Have a story idea?Contact Journal-World education reporter Elliot Hughes: firstname.lastname@example.org
If Florida were a separate country, it would rank well below average among industrialized nations for how well its high school students perform on standardized tests for math, reading and science, according to a report out Tuesday.
Massachusetts and Connecticut, by contrast, would rank among the highest-performing countries in the world.
Those are just some of the findings from the most recent Programme for International Student Assessment, or PISA test, which compared scores from more than half a million 15-year-old students from 65 countries around the world.
Those findings may be politically important in Kansas, where Florida is often cited by conservatives as a model for implementing vouchers, charter schools and other kinds of “school choice” reform programs.
“It certainly doesn't speak well for many of the reforms being promulgated over testing, choice, charters, and things like No Child Left Behind, Race to the Top, and the like,” said Rick Ginsberg, dean of Kansas University's School of Education. “We're five years into one, and 13 years into the other. Maybe it suggests we need to take a different strategy.”
Overall, students in the United States ranked about average in science and reading, and below average in math. Asian and some northern European countries dominated the top tier of the rankings.
PISA is administered by the Organization for Economic Cooperation and Development, a group of 65 industrialized nations. It is intended to measure how well national education systems are teaching the knowledge and skills needed to be successful in a global marketplace, and it is often cited as a barometer for a nation's ability to remain economically competitive.
Looking for political answers
In the United States and some other countries, though, education is largely a matter of local and regional policy. This year, for the first time, OECD reported scores for some countries at the state and regional level. Massachusetts, Connecticut and Florida were the only U.S. states to participate in that part of the 2012 test.
Florida is often cited as a model for conservative school reform initiatives such as high-stakes testing, school choice policies and an A-F grading system for schools, many of which were begun under former Gov. Jeb Bush.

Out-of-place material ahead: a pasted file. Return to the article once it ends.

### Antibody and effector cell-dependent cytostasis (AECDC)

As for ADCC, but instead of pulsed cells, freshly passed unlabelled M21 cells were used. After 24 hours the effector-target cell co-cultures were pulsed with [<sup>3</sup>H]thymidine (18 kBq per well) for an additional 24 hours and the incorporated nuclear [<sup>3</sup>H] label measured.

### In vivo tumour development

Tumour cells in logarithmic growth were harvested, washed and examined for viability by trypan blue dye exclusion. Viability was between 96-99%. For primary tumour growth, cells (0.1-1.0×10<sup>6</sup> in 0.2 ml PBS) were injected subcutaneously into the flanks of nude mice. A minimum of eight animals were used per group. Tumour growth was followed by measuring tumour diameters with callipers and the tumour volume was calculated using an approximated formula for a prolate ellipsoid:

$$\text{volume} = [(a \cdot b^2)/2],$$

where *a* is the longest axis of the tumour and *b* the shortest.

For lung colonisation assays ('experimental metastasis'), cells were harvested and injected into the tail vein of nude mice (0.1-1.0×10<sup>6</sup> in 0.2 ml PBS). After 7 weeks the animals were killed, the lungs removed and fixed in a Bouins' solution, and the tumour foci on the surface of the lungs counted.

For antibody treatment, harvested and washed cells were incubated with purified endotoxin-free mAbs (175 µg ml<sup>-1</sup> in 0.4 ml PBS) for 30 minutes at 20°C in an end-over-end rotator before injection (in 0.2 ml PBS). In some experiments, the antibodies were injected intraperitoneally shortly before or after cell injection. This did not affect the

Meanwhile, Massachusetts and Connecticut are examples of states that spend considerably more per pupil than the national average. Kansas ranks slightly below the national average.
Looking at the top performing countries, OECD officials said, the most important factors were a strong focus on teacher quality, including investments in professional development, and allowing local autonomy for school officials to determine their own policies and priorities.
But there is little evidence to support most of the “reform” policies commonly advanced by either the political right or left in the United States: market-based competition and school choice models, which is popular among conservatives; or increased spending to reduce class sizes, as many liberals propose.
Lessons for Lawrence and Kansas
In years past, the state of Kansas included funding for professional development for teachers, but Lawrence school Superintendent Rick Doll noted that was eliminated several years ago. Still, he said, it remains a high priority in the Lawrence school district where schools have a shortened schedule each Wednesday to allow teachers time for additional training.
"That's both for professional development and collaboration, which is extremely important," Doll said. "The day when a single teacher closes her door and teaches her or his 22 kids is over. It's much more of a team effort now. So giving teachers time for professional development and collaboration is very important."
Meanwhile, Doll said, Lawrence schools still put a priority on smaller class sizes, especially in buildings with large numbers of economically disadvantaged students. But he said he agrees there is a limit to how much benefit can be gained through small class sizes.
"Getting too small doesn't really provide you with that many more advantages," he said. "Everybody thinks the lower you go, the better it is, and that's really not true. If you go too high – I would suggest if you get up in the 35-40 range, that's too high."